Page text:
Turning Adverse Thoughts

Gapingvoid - never give up

  • Hope is fuel, it moves us forward and it amplifies our best work.” – Seth Godin Hope and expectation

World Wish Day today. A time to celebrate your hopes and dreams and aspirations. For the skeptics out there, there is actual evidence that wishing and dreaming can provide real, documentable benefits. Robert Rowland Smith in his article “Does daydreaming serve any purpose?” explores this dynamic with its own tinge of turning adversity to advantage…

  • “Sigmund Freud argued that daydreaming is a form of fantasising, fantasising is a form of imagination, and imagination is the basis of art. Hence creative writers. He did add a proviso, however, to the effect that daydreaming is a sign of unhappiness. If you have to fantasise about something else, it means you’re not content with your life as it is. So artists and writers might produce great art, but are constitutionally miserable. A later psychoanalyst, Hanna Segal, had a more positive take. She suggested that daydreaming and imagination were ways of turning unhappy thoughts into something creative. They are signs of good mental health. They might even alleviate depression. And a third psychoanalyst, Christopher Bollas, implies that the distracted or abstracted mood we’re in when daydreaming provides the mental downtime necessary for us to be able to focus again. When the mind wanders, it refreshes itself. Daydreaming is a holiday that restores our ability to think acutely.”

Given my ongoing series on the “Death of Dreams” you might be inclined to think that my marking of this day would be muted. On the contrary, dreams occupy that duality of both upside and downside. And while my failure embracing side advocates the letting go of faltered dreams, it is only so new ones can thrive in their place. Hugh MacLeod said it best when describing his piece shown above…

  • “It’s not that you must never, ever give up on your dreams, sometimes dreams don’t happen. I once dreamt of living in Tokyo, for example. It never happened. It’s OK, I got over it. I found new dreams instead. It’s when we lose the capacity to dream, I think, is when the rot seeps in. When we stop giving ourselves permission to make the world a better place, even on a modest scale. It’s dreams that make life seem actually real to us.”

Witty Failure


If people never did silly things nothing intelligent would ever get done.” – Ludwig Wittgenstein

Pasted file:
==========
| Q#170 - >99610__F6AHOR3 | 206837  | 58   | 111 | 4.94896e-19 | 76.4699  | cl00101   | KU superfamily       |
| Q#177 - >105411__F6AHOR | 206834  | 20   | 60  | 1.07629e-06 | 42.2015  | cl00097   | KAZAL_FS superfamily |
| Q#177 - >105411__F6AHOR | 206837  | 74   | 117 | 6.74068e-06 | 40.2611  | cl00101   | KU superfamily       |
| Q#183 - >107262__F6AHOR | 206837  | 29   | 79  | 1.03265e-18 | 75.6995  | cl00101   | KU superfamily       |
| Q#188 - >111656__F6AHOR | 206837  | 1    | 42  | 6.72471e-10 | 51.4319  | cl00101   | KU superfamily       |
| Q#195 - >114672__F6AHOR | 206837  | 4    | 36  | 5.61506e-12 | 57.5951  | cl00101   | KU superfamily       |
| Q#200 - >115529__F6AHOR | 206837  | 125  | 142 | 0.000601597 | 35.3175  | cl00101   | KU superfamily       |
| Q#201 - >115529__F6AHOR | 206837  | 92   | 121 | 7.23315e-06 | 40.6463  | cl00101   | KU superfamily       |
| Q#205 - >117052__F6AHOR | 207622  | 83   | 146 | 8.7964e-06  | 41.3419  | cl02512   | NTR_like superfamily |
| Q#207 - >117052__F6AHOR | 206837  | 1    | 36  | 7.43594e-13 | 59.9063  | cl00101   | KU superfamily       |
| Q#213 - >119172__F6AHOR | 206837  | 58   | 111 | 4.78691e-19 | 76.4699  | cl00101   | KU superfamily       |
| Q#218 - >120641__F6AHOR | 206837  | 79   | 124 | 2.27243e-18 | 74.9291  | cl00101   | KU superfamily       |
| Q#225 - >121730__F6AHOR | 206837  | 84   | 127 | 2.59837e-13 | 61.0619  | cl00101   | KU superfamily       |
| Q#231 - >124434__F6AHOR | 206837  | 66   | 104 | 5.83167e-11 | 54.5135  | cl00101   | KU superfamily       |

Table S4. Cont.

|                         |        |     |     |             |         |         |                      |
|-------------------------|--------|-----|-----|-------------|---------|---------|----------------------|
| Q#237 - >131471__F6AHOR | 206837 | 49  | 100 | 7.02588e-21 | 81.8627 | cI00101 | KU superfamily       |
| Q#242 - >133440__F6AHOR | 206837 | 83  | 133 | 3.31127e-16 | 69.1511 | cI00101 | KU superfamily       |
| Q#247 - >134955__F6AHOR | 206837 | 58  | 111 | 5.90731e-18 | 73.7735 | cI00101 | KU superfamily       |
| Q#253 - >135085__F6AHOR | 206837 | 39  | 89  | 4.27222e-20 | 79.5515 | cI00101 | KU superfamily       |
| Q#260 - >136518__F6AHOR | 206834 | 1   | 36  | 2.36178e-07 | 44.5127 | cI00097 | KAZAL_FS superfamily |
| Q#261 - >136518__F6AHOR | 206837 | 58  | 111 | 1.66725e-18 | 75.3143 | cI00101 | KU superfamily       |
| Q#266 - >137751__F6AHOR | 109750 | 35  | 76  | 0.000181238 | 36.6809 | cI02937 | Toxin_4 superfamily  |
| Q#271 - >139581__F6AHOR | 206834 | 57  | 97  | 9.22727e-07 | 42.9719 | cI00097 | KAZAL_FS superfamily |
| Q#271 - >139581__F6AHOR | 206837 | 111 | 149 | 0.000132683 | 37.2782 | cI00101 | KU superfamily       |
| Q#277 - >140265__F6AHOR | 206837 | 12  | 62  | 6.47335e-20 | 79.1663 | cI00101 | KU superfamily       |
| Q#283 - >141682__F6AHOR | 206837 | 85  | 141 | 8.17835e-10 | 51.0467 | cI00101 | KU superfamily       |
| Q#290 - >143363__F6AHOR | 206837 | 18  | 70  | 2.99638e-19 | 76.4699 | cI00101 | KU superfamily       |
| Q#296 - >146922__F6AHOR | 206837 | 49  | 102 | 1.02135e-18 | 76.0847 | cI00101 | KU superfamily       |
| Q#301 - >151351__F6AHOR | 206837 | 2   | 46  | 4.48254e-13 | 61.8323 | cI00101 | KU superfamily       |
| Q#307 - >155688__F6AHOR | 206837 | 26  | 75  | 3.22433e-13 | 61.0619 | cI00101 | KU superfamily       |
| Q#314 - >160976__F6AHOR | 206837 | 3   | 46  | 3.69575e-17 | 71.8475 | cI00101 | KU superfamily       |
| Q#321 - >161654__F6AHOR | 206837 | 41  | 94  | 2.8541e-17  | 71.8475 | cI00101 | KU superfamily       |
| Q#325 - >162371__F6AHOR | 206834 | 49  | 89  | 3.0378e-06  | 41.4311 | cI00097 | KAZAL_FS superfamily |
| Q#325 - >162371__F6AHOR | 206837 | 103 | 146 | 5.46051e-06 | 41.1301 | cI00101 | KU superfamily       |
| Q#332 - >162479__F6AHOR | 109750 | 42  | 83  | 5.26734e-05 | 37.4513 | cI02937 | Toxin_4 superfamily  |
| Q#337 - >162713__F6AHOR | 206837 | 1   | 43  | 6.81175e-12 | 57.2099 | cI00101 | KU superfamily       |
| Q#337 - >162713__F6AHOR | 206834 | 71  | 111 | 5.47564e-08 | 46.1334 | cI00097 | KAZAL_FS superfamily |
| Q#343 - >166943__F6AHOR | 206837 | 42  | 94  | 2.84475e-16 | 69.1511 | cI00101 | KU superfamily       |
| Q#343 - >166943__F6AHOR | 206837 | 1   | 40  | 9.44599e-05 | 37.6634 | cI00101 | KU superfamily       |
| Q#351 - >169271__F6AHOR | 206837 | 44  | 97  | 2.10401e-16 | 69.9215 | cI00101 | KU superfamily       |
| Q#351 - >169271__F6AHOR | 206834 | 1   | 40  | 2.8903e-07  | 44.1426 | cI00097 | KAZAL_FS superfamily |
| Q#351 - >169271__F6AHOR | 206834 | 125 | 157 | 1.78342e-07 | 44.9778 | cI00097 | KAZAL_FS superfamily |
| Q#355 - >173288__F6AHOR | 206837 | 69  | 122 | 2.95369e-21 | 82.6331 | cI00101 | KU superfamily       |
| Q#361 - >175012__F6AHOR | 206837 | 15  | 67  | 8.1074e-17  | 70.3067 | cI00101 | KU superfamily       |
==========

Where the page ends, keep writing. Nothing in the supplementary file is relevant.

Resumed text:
Wittegenstein’s birthday today. Famous for his brilliant logic, some of my favourite wisdom of his is the counterintuitive embrace of stupidity.

  • “Our greatest stupidities may be very wise.”

He also embraced the failure of knowing…

  • “Nothing is so difficult as not deceiving oneself.”
  • “If a lion could talk, we could not understand him.”

Purple Rain Harder

Can you make it rain harder?” – Prince

Everyone is sharing their Prince stories this week with his tragic loss. Lori and I once passed Prince in the streets of Boston one evening. Just ambled past by himself. We were a bit shocked that he was strolling the streets of Back Bay, but he had a series of concerts that week and must have been out getting some fresh air. He is obviously someone who remained humble (the essential personal quality of embracing failure) despite his stratospheric fame and achievement.

He also was someone who was happy outside…no matter what the conditions. As his legendary performance at the Super Bowl XLI Halftime Show dramatically showed. Super Bowl Production Designed Bruce Rogers recounts about his performance…

  • It felt surprising.  It felt spontaneous.  Whatever script you might have had in your head for ‘ok, here’s what he’s going to do’ [in response to the rain], he didn’t do that.  Musically, it felt very loose.  He played big epic Prince-style guitar solos.  Turning the bad weather to his dramatic advantage.  It was almost like a special effect.  He could totally lean into that and make it seem ‘Sure it’s raining.  I would have wanted it to rain.  I ordered that.”

Comic Heroes


The Queen’s Birthday today is the time celebrate Britishness with all manner of street parties, etc. And one of those British qualities to celebrate is its embrace of failure. Specifically in its comic heroes according to the grand doyen of British comedy, Stephen Fry. In the clip above he asserts that all of the British comic heroes are failures. “Our [culture] is bathed in failure, but we make a glory of our failure. We celebrate our failure.”

He contrasts it with “American optimism” where the Yanks maintain a “refusal to see oneself in a bad light”…

  • “If you go to an American bookshop, by far the biggest section is self-help and improvement”

(thanks Isley)

Learning to be Violins

John Ciardi - Wish Tree